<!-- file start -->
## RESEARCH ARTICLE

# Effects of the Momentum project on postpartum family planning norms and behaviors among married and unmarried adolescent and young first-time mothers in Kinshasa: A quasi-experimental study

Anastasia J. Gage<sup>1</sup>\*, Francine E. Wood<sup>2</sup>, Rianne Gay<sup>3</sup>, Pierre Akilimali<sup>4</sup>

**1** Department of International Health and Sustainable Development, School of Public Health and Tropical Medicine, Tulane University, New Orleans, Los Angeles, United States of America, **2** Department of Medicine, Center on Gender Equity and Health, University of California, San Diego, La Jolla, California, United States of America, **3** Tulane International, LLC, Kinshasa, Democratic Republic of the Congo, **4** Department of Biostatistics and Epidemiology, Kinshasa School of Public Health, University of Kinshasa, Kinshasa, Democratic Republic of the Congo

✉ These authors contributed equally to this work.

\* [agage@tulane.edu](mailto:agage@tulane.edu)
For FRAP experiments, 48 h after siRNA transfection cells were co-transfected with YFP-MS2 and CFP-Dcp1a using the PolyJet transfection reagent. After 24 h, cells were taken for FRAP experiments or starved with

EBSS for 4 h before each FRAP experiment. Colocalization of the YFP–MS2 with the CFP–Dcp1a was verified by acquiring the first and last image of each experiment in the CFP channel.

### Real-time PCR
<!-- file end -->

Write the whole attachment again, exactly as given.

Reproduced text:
## RESEARCH ARTICLE

# Effects of the Momentum project on postpartum family planning norms and behaviors among married and unmarried adolescent and young first-time mothers in Kinshasa: A quasi-experimental study

Anastasia J. Gage<sup>1</sup>\*, Francine E. Wood<sup>2</sup>, Rianne Gay<sup>3</sup>, Pierre Akilimali<sup>4</sup>

**1** Department of International Health and Sustainable Development, School of Public Health and Tropical Medicine, Tulane University, New Orleans, Los Angeles, United States of America, **2** Department of Medicine, Center on Gender Equity and Health, University of California, San Diego, La Jolla, California, United States of America, **3** Tulane International, LLC, Kinshasa, Democratic Republic of the Congo, **4** Department of Biostatistics and Epidemiology, Kinshasa School of Public Health, University of Kinshasa, Kinshasa, Democratic Republic of the Congo

✉ These authors contributed equally to this work.

\* [agage@tulane.edu](mailto:agage@tulane.edu)
For FRAP experiments, 48 h after siRNA transfection cells were co-transfected with YFP-MS2 and CFP-Dcp1a using the PolyJet transfection reagent. After 24 h, cells were taken for FRAP experiments or starved with

EBSS for 4 h before each FRAP experiment. Colocalization of the YFP–MS2 with the CFP–Dcp1a was verified by acquiring the first and last image of each experiment in the CFP channel.

### Real-time PCR